THE BLOG
12/10/2014 09:55 am ET Updated Dec 06, 2017

Shout and Shoot: The American Police State

A few weeks ago a friend challenged me to speak up on Ferguson, and other incidents of police violence against black people. I admitted to him that doing so is difficult as a white person: injecting myself into issues involving race when I come from a position of undeniable privilege is often awkward and difficult.

Yet here I am. Not just because I made a promise, but because white and LGBT silence helps perpetuates the violence. But, I still wrestled with how to discuss this for weeks, because one of the most horrifying incidents happened literally a mile from me while I sat at work.

On August 6th, 2014, John Crawford III left his home in Fairfield Ohio to go to the Walmart in Beavercreek to buy a pellet rifle (BB gun). The store is in a mostly white middle class suburb of Dayton, and caters to the people working at Wright Patterson Air Force base. He picked one up off a shelf at the store that had already been taken out of the box, stopped in front of a display, and talked with LeeCee Johnson (the mother of their two children together) on his cell phone.

When the police showed up, they yelled at him to drop the weapon, then began firing before John even realized who the police were yelling at. LeeCee and Crawford's father listened helplessly on the cell phone while he gasped out, "Dad! Dad!," desperately fought for breath, and died.

He died struggling for air, died despite having done absolutely nothing wrong, died not knowing why.

Ohio has had two high profile fatal police shootings of black men armed only with toy pellet rifles. The first was John Crawford III at a Wal*Mart in Beavercreek in August. More recently 12 year old Tamir Rice in Cleveland was shot dead the instant police found him. In both cases the police arrived on scene and began shooting before either Crawford or Rice could even comprehend the orders being screamed at them, much less comply.

Security Camera Footage of John Crawford III

Conservative pundits readily blame the victims for simply having the "weapons" in public, but this disgusts me even further. Ohio is an open carry state. White people in open carry states across the country "exercise" their right to with real assault rifles in public all the time.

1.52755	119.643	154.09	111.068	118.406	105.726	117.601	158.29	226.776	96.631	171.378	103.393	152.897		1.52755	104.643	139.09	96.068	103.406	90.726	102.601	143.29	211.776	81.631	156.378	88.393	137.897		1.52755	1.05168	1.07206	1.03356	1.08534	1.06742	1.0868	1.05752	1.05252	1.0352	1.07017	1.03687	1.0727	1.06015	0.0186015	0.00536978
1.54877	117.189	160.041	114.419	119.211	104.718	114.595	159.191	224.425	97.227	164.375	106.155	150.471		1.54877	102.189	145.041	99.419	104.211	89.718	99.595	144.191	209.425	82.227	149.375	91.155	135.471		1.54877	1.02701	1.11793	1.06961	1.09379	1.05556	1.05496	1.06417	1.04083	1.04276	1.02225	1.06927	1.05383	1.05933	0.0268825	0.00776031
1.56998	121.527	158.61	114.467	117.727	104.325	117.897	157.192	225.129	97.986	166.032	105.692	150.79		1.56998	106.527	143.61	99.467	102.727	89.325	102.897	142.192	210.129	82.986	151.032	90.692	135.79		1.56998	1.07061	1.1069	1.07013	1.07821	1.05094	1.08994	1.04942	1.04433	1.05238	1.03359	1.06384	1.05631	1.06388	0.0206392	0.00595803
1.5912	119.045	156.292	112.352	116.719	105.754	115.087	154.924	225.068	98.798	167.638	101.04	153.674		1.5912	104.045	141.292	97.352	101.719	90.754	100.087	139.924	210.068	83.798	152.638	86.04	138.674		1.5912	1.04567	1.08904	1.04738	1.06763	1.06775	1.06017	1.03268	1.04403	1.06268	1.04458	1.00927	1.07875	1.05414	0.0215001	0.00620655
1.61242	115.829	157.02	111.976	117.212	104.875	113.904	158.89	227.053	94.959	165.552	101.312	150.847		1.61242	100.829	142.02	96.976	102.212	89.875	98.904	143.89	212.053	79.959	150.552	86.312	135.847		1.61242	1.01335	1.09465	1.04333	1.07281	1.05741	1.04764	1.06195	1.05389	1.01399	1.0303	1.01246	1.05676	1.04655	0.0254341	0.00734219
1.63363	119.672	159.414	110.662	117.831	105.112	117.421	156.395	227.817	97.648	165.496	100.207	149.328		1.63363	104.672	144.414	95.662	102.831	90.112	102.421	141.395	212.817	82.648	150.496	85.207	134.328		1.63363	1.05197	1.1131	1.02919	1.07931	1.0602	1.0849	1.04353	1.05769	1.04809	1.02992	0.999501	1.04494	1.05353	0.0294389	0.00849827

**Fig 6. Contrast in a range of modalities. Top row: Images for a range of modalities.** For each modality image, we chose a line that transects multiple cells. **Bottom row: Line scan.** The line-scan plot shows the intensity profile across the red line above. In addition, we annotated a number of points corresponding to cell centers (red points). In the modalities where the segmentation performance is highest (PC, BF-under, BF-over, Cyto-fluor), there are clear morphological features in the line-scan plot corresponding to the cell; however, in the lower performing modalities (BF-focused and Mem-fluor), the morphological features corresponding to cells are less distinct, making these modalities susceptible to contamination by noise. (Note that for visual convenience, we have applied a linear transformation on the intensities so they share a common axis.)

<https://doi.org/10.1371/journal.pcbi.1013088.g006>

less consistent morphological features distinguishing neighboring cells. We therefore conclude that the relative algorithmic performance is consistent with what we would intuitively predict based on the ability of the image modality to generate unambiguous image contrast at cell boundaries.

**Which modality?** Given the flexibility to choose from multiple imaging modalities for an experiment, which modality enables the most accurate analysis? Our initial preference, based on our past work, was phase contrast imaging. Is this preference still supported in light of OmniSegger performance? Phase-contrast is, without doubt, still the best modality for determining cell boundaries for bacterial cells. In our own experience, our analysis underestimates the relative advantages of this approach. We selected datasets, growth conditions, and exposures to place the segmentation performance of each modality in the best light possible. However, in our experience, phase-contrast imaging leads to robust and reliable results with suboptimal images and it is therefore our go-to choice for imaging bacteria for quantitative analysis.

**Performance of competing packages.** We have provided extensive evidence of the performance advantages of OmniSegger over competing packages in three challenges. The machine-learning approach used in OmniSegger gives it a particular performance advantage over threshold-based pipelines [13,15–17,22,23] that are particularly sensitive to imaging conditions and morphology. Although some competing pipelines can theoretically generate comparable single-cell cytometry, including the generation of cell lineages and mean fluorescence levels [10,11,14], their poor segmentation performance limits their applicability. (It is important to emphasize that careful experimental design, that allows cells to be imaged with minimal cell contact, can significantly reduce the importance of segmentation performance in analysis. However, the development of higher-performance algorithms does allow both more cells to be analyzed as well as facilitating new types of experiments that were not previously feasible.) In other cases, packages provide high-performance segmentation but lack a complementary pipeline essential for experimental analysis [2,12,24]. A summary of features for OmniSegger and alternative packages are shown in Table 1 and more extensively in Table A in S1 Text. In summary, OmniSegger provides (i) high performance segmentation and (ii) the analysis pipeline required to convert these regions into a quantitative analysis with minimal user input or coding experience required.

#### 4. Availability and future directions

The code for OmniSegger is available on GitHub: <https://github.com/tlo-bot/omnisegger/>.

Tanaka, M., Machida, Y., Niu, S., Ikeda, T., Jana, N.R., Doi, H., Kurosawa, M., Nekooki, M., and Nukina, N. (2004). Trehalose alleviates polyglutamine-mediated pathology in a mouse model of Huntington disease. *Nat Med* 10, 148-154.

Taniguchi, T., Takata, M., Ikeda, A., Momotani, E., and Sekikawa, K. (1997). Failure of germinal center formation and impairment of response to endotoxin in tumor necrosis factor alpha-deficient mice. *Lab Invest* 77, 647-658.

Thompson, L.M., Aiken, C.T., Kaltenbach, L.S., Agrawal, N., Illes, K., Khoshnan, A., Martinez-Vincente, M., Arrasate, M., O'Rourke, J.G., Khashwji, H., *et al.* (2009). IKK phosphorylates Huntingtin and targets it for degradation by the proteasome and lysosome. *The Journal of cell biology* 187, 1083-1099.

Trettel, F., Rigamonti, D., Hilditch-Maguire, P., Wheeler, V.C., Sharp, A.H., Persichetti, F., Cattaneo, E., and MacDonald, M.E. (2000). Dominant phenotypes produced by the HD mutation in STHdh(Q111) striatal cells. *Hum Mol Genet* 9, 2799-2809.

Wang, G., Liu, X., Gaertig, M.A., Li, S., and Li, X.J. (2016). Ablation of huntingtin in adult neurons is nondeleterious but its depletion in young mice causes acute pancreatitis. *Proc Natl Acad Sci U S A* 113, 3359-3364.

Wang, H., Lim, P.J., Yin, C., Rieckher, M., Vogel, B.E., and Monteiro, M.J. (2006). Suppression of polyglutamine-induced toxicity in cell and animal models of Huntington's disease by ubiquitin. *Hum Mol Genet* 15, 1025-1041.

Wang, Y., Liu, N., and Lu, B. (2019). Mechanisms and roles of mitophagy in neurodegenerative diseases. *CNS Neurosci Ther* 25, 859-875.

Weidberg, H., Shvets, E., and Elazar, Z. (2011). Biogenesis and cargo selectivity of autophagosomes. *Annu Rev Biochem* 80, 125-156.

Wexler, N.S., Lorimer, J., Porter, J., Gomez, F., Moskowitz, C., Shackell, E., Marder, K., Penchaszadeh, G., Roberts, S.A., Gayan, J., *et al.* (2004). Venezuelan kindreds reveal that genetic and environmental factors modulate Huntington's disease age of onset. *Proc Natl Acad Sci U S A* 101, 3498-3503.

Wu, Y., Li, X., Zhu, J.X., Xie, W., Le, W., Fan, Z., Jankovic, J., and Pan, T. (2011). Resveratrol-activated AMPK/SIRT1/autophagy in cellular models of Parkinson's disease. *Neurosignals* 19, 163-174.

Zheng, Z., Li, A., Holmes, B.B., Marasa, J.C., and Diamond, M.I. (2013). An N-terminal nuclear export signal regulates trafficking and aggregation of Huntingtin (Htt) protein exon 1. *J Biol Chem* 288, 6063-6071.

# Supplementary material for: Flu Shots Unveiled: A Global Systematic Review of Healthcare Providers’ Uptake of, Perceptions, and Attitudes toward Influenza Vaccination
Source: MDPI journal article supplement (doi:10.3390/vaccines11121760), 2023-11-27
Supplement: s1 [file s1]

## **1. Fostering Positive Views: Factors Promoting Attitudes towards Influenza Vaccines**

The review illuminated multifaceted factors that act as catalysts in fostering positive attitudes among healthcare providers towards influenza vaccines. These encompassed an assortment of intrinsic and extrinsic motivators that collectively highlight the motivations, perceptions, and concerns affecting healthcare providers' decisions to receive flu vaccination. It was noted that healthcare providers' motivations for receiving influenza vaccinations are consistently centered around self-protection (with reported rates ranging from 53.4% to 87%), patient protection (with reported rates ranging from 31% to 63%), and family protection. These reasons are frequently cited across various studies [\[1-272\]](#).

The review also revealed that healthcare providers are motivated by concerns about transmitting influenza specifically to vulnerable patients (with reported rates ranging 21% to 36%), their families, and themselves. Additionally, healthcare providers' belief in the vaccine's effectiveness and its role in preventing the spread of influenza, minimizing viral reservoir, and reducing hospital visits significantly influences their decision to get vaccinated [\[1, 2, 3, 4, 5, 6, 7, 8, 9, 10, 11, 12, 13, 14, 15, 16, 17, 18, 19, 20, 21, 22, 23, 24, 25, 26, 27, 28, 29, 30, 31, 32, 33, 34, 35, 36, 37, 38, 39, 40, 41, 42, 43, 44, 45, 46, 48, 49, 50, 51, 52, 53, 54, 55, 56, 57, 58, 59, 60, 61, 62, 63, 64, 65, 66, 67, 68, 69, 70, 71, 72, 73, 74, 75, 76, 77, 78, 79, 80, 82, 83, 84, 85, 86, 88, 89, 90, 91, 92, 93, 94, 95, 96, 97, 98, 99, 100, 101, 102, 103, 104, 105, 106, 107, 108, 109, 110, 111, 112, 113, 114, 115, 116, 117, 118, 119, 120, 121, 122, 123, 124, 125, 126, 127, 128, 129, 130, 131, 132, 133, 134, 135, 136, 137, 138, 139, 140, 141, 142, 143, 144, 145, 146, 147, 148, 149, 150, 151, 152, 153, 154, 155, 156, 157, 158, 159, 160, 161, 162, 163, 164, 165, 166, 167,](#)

We aren't gunned down for openly carrying, though. I can't think of a clearer demonstration that racism in America is real than a side by side comparison of the video of John Crawford III above and the picture below.

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Screen capture from Open Carry Texas' Facebook Page

Something else I have seen that many LGBT people don't get the anger, or feel like the rioting isn't productive (never mind that the LGBT rights movement started with a riot and we celebrate it every year.) When I look at this position from the perspective of a veteran and analyst, though, the reactions we see now aren't just understandable.

They're inevitable.

The insurgency in Iraq happened in great part due to the fact that we were above the law. The Status of Forces Agreement (SOA) ensured that only the US could punish US troops for war crimes. Mistreatment of Iraqis, use of excessive force, lack of engagement with the community, troops with hair triggers, and lack of consequences for violating Rules Of Engagement (ROE) fueled the nascent insurgency. During the surge, when we began trying to employ better practices in an effort to regain the trust of the population, the ROEs for Escalation of Force (EOF) were made clear, and still somewhat aggressive by most Counter Insurgency (COIN) standards.